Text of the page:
As the saying goes, “there is a first time for everything”. For my first time as a guest blogger, I am honoured to have the opportunity to make an appearance on the hugely popular RobertaPimentel.com! And what better way to mark the special occasion than by spreading the love about her part of the world: Scandinavia.
For my 30th birthday this year, I gave myself the present of a lifetime: the opportunity to discover the Land of Everlasting Happiness. From Denmark’s cosmopolitan dynamism, to Norway’s scenic wonders and Sweden’s architectural charms, it didn’t take me long to register why various polls over the years have consistently ranked the region as one of the happiest, least corrupt and most egalitarian societies in the world. So, armed with little more than my own experiences and Michael Booth’s hilariously insightful “The Almost Nearly Perfect People”, I will endeavour today to unmask one factor which I believe single-handedly underpins all forms of Scandinavian happiness and prosperity: Trust.
Trust as the social glue
Having travelled many parts of the Orient on my own (cue: stolen wallets, phones, MP3s and essentially any items not buckled down to your underwear), my initial reservations as an unassuming Asian female travelling solo in Scandinavia seemed to be well-founded. However, reservations dissipated almost as soon as I landed in Billund, Denmark, with many a sighting of children roaming wild and unattended and parents seemingly unaware of the perils of leaving their babies (and all that Lego!) in prams.
In fact, Booth has chronicled in his book similar “frustrations”. Norway came up trumps with the “sleeping on the train” test, with Denmark and Sweden not far behind (the idea is for a foreigner to sleep on a passenger train without being robbed blind). TV producers were equally frustrated in Denmark and Norway in begging for their wallets to be stolen. It turned out that such honest, law-abiding citizens of the north would instantly pick up any (intentionally) discarded wallets and come running after them to return the property!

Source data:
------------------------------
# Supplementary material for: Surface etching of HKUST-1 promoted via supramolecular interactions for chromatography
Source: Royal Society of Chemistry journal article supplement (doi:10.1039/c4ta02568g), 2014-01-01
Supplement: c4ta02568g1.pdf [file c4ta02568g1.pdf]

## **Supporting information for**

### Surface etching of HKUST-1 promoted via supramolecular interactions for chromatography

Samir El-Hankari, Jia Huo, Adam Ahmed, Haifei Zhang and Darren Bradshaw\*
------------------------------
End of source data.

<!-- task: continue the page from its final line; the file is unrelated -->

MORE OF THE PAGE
It became abundantly clear to me at this point that in all of this, the role of trust as the social adhesive is profound. From economic opportunities to national security, the freedom to be is one of the major stalwarts of Scandinavian social equilibrium. The happy folks are also just as happy to regularly trade in circa 50% (or more) of their hard-earned kroners for the safety net of “social welfare”, all in the name of trust in the public sector.
The elephant sitting cosy in the room, of course, is how can a region with extortionate level of taxes and outwardly dull / insular / austere personalities lay claim to being the most trusting group of people on earth? Alas, the evolution of trust works in more insidious ways than first meets the eye.
Evolution of trust
Stepping into Scandinavia is like stepping into an environ of classlessness, conformity and homogeneity, which I envisage is not far from the birthplace of egalitarianism and trust. As a foreigner, it can enshroud you in a warm embrace if you at least look the part (i.e. fifty shades of blond). As for me, I stood out like a sore thumb (more of this later).